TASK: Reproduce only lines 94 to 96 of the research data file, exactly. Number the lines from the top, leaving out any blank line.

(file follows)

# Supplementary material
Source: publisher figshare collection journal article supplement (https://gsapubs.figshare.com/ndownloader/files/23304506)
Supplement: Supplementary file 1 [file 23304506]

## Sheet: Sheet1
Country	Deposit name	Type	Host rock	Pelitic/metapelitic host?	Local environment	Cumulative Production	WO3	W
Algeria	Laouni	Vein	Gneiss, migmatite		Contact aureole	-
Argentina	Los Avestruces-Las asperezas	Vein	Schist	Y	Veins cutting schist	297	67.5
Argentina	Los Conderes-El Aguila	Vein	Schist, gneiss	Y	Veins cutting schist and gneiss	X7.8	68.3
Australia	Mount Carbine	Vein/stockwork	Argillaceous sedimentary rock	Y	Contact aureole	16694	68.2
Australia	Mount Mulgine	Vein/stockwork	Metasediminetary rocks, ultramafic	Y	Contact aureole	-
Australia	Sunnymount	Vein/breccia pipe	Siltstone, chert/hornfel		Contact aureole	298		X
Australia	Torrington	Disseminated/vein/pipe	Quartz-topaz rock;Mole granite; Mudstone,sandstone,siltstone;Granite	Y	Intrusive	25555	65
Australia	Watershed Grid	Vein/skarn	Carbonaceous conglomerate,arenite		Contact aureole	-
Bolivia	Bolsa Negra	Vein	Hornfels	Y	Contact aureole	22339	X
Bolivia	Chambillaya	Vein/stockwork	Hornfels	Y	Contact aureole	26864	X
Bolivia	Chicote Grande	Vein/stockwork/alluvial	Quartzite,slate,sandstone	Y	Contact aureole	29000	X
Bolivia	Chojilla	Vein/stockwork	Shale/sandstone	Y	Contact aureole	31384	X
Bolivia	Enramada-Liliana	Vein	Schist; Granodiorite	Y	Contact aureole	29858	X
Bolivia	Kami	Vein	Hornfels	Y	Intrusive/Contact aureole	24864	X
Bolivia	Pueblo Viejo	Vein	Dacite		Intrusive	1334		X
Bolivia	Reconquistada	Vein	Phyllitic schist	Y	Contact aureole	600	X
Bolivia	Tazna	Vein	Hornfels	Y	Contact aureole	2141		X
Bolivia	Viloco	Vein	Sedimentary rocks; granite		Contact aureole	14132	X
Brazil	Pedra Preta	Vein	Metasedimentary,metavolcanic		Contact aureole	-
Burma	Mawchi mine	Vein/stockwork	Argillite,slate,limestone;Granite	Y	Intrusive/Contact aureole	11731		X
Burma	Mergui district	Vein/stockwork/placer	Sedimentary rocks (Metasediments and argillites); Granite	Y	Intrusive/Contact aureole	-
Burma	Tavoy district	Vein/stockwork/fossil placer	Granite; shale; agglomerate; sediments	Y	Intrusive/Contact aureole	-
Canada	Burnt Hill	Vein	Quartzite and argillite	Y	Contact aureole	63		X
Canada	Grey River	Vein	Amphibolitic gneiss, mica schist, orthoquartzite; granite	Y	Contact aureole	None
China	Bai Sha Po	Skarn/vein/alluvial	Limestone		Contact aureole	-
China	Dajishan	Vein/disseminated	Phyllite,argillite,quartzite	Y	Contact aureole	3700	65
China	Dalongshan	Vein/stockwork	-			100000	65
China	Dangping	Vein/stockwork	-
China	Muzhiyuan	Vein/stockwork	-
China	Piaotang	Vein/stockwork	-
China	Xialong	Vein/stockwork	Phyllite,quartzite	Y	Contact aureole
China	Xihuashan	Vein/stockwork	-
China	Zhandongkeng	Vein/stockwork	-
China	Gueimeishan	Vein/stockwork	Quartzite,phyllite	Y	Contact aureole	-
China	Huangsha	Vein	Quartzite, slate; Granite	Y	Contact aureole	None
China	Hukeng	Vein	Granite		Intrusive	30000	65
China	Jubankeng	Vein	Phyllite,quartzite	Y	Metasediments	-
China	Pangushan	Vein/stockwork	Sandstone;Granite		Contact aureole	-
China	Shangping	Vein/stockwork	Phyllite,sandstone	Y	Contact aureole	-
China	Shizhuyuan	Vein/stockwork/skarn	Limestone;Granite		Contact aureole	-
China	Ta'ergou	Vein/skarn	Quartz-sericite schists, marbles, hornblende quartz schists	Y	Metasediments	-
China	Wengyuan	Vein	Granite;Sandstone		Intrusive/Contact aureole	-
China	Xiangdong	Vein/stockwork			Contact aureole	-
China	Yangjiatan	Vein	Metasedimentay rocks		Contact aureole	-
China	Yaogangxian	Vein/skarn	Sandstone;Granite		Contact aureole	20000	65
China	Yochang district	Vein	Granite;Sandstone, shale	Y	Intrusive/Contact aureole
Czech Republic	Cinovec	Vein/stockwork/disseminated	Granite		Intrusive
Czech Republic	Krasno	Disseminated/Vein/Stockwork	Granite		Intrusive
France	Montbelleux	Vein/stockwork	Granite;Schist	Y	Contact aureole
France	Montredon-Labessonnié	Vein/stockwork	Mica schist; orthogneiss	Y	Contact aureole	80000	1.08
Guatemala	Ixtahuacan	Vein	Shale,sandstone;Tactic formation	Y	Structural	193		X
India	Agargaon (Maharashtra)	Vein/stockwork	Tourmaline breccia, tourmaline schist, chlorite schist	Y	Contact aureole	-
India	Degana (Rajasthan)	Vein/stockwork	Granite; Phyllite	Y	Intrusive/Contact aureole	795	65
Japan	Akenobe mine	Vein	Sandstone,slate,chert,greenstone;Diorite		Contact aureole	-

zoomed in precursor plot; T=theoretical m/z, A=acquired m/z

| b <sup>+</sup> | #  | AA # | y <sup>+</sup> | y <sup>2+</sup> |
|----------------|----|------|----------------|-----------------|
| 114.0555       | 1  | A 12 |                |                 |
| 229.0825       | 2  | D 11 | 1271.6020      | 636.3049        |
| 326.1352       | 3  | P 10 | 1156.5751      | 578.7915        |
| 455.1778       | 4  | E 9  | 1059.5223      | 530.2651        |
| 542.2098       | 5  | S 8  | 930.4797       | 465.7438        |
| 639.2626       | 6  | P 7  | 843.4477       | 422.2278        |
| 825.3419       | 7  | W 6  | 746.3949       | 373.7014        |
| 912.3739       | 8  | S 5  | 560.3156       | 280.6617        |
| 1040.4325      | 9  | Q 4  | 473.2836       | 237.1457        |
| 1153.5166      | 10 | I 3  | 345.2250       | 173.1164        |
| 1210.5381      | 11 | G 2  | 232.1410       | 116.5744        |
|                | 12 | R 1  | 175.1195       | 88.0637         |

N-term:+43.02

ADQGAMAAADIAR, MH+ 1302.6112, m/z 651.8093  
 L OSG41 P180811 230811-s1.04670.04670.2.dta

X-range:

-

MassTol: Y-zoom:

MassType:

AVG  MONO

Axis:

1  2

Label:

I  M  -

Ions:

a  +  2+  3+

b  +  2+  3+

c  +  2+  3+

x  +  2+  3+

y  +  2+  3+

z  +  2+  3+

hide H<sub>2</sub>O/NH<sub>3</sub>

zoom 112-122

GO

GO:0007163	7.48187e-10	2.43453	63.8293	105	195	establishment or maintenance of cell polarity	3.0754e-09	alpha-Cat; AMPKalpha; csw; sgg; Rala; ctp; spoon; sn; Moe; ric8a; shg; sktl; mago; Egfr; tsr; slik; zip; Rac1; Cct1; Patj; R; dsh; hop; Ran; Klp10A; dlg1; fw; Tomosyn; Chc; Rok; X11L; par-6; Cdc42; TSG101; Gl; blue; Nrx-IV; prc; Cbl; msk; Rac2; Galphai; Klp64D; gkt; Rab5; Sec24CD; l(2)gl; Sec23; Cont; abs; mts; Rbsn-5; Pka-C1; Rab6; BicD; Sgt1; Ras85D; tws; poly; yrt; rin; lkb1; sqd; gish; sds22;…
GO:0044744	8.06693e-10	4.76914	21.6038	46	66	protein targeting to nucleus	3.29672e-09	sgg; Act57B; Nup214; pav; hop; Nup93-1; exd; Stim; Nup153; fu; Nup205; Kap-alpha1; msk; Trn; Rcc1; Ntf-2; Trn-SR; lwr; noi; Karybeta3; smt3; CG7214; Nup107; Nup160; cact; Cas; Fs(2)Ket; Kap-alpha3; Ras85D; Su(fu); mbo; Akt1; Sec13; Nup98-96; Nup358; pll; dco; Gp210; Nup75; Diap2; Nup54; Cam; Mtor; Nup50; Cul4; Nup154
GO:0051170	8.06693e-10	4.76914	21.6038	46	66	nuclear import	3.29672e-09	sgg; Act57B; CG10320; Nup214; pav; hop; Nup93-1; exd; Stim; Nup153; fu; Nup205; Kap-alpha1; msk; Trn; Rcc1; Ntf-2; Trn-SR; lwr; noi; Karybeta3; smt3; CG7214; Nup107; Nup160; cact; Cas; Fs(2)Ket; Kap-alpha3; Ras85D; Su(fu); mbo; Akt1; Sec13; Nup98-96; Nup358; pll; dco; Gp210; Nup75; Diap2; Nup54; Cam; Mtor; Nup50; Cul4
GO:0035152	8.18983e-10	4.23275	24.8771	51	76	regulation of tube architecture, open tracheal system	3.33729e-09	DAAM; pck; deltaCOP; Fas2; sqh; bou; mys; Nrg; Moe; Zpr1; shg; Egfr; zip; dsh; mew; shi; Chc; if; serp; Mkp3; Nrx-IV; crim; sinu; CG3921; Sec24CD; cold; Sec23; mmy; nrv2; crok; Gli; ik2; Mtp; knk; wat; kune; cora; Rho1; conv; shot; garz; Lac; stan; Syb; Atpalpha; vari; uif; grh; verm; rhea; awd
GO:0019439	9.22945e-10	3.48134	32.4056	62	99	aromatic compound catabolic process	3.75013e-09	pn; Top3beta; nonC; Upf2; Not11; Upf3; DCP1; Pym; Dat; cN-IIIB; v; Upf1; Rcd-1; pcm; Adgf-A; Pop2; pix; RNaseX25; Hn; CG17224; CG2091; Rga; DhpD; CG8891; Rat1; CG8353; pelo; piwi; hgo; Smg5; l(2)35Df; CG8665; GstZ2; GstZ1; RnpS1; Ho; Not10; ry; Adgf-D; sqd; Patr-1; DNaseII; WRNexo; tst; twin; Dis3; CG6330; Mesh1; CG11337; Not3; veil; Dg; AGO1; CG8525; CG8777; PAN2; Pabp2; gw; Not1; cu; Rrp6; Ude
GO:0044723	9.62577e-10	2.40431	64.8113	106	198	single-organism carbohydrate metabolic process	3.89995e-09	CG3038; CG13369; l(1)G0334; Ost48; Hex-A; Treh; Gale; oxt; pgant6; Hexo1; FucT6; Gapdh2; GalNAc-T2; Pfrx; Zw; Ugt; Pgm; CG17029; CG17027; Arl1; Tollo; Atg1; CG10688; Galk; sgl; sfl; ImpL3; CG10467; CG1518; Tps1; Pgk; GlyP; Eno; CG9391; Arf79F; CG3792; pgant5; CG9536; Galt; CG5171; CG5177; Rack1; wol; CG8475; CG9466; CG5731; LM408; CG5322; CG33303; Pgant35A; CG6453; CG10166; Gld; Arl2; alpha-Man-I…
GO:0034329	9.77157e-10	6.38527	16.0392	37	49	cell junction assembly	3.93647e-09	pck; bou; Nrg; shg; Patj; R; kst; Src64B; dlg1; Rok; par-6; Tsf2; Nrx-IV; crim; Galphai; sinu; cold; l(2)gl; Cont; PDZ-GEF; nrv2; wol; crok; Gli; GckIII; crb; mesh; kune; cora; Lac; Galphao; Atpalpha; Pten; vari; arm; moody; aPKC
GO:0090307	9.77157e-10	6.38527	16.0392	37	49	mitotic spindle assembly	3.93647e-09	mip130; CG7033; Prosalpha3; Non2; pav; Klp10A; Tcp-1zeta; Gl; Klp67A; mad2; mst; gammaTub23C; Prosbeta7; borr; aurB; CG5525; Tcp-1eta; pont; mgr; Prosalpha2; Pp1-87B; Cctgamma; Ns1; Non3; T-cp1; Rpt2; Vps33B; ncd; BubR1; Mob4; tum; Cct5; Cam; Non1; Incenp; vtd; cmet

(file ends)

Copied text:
hide H<sub>2</sub>O/NH<sub>3</sub>

zoom 112-122

GO